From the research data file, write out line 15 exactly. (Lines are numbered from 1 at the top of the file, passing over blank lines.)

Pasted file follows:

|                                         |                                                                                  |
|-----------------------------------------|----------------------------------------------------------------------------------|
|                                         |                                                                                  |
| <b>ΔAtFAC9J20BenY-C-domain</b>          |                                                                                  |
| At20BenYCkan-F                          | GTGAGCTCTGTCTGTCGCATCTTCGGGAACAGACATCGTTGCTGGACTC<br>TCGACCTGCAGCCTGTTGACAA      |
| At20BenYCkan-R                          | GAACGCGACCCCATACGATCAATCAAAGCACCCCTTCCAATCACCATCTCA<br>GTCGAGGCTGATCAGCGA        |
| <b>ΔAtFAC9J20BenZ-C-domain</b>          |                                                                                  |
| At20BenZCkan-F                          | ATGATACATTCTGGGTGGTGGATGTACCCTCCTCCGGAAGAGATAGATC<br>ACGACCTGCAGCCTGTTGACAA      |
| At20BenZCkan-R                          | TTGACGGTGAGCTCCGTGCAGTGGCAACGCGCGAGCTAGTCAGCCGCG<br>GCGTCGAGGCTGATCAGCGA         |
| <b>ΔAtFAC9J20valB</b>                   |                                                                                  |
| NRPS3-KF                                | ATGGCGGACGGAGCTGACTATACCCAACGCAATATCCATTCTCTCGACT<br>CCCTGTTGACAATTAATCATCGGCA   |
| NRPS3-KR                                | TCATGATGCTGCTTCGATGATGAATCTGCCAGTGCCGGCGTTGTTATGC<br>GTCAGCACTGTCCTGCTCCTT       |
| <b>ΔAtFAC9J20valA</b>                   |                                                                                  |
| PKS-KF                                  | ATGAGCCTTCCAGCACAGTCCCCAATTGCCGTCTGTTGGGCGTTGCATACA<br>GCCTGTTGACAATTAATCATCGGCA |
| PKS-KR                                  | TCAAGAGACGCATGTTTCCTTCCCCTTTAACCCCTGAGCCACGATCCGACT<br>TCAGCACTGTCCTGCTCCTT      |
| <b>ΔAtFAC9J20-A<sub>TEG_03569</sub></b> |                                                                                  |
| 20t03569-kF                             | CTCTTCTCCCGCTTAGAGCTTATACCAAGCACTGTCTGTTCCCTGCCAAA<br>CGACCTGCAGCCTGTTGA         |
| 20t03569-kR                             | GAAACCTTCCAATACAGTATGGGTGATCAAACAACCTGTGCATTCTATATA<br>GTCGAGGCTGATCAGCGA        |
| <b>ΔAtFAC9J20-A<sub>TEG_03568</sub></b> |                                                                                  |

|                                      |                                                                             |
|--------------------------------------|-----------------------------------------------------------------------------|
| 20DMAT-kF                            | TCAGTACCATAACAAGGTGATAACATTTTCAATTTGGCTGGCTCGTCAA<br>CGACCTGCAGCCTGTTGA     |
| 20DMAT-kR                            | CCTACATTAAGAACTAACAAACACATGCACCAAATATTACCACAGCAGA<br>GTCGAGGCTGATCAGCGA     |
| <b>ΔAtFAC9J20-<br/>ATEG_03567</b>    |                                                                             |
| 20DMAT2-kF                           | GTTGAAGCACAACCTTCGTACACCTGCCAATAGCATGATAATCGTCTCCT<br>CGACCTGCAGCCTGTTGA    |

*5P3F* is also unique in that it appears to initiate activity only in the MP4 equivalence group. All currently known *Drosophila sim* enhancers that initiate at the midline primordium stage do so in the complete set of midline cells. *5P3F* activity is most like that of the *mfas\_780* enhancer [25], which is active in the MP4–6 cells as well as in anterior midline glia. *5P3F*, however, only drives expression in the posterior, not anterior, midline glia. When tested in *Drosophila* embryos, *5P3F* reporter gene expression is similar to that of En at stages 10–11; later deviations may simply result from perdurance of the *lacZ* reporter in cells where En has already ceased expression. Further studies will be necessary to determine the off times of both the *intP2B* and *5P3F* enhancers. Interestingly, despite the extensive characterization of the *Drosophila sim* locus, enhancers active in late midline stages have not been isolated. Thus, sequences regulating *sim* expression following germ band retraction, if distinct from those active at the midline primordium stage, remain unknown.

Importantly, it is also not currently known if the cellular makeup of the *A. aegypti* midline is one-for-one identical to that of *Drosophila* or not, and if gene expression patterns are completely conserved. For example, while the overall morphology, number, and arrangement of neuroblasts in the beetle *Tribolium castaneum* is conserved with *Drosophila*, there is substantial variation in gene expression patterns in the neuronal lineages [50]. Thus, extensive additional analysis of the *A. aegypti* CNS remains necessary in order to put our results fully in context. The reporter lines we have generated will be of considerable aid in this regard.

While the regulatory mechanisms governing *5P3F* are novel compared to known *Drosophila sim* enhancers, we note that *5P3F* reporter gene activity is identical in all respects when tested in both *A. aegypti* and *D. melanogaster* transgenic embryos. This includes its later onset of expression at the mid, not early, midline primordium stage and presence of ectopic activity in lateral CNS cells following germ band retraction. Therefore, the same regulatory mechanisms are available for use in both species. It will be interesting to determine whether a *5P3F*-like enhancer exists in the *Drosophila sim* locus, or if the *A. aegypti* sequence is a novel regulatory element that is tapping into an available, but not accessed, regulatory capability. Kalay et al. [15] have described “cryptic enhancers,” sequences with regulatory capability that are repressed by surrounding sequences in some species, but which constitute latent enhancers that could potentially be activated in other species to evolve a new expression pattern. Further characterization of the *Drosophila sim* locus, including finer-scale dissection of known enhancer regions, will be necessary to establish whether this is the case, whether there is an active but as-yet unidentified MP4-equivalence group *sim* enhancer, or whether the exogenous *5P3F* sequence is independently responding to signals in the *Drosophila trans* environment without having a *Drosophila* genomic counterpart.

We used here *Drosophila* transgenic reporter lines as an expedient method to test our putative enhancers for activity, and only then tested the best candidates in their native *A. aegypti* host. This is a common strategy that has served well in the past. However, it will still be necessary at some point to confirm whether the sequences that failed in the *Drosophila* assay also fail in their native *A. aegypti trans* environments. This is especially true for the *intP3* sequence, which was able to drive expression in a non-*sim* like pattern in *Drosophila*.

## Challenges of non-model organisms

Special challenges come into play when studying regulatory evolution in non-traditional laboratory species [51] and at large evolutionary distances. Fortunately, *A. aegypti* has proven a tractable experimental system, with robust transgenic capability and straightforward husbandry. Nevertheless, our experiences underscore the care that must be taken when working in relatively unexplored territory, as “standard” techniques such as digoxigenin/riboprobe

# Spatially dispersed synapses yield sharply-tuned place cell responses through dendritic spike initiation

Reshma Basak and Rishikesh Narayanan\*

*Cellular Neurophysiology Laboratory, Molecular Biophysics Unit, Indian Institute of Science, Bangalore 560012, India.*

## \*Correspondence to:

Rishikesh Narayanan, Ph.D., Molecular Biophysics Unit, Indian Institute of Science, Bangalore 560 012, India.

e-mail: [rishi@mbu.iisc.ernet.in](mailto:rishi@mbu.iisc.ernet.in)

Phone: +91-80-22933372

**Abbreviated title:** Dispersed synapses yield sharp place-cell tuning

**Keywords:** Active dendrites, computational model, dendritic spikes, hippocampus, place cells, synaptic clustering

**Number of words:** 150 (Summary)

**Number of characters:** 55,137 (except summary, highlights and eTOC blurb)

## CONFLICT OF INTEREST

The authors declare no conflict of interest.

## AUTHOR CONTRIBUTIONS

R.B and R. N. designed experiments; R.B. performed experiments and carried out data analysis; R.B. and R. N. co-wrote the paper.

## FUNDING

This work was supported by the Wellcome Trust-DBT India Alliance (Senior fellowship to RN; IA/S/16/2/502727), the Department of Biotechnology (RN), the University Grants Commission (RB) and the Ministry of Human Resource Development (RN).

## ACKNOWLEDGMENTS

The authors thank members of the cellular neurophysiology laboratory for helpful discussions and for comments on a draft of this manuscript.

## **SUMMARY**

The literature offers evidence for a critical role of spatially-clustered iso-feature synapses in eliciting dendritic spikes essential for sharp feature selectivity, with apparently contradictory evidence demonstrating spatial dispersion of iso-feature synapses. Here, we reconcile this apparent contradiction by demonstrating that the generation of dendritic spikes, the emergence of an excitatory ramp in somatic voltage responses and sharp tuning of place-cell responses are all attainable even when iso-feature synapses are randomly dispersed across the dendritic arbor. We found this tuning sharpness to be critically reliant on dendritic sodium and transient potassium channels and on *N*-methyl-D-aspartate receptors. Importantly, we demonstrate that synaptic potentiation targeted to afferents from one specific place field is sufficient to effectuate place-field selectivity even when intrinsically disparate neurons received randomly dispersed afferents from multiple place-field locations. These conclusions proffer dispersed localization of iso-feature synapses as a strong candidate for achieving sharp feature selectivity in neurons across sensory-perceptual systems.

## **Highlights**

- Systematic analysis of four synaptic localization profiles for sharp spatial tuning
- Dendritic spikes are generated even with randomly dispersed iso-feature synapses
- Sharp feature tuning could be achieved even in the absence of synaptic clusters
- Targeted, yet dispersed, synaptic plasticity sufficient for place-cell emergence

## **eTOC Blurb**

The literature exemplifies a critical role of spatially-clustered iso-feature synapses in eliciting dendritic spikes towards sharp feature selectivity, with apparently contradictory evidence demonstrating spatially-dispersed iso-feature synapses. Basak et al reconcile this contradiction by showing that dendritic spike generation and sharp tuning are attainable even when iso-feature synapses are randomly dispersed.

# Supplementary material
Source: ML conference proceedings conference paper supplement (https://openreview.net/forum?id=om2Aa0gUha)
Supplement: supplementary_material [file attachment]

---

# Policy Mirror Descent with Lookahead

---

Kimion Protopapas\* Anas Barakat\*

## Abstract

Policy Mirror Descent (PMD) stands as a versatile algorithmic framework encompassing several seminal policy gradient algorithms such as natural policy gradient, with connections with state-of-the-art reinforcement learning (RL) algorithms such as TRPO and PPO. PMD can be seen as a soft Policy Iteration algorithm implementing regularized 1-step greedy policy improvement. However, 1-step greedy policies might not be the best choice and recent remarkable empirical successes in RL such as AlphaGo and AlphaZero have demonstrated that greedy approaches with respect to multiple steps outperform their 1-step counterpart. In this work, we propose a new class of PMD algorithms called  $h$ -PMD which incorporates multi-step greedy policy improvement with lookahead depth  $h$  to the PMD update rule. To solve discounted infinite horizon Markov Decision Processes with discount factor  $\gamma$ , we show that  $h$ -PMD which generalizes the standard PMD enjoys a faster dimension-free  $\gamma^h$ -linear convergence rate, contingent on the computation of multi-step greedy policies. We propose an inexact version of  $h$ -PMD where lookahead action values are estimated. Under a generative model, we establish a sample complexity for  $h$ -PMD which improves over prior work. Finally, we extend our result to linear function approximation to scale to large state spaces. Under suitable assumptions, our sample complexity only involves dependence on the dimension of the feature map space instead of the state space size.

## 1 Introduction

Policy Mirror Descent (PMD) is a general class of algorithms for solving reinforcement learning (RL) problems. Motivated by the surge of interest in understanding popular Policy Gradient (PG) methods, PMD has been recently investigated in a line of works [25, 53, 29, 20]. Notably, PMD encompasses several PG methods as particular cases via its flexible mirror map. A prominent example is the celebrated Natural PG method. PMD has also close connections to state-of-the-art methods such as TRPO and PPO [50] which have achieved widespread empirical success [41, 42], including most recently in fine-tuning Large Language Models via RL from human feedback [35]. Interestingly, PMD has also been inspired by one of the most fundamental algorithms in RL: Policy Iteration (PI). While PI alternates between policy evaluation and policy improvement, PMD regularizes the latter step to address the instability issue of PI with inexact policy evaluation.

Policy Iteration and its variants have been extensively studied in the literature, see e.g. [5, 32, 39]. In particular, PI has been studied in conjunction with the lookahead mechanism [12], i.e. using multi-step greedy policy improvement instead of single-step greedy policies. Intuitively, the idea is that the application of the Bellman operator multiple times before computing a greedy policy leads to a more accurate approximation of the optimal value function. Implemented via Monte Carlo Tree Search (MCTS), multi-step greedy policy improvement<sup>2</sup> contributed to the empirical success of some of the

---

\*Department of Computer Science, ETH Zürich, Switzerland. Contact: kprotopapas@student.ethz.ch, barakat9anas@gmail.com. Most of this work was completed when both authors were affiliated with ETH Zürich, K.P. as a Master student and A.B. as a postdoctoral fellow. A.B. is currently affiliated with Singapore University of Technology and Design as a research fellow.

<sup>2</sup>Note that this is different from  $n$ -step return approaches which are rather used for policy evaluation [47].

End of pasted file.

| PKS-KR                                  | TCAAGAGACGCATGTTTCCTTCCCCTTTAACCCCTGAGCCACGATCCGACT<br>TCAGCACTGTCCTGCTCCTT      |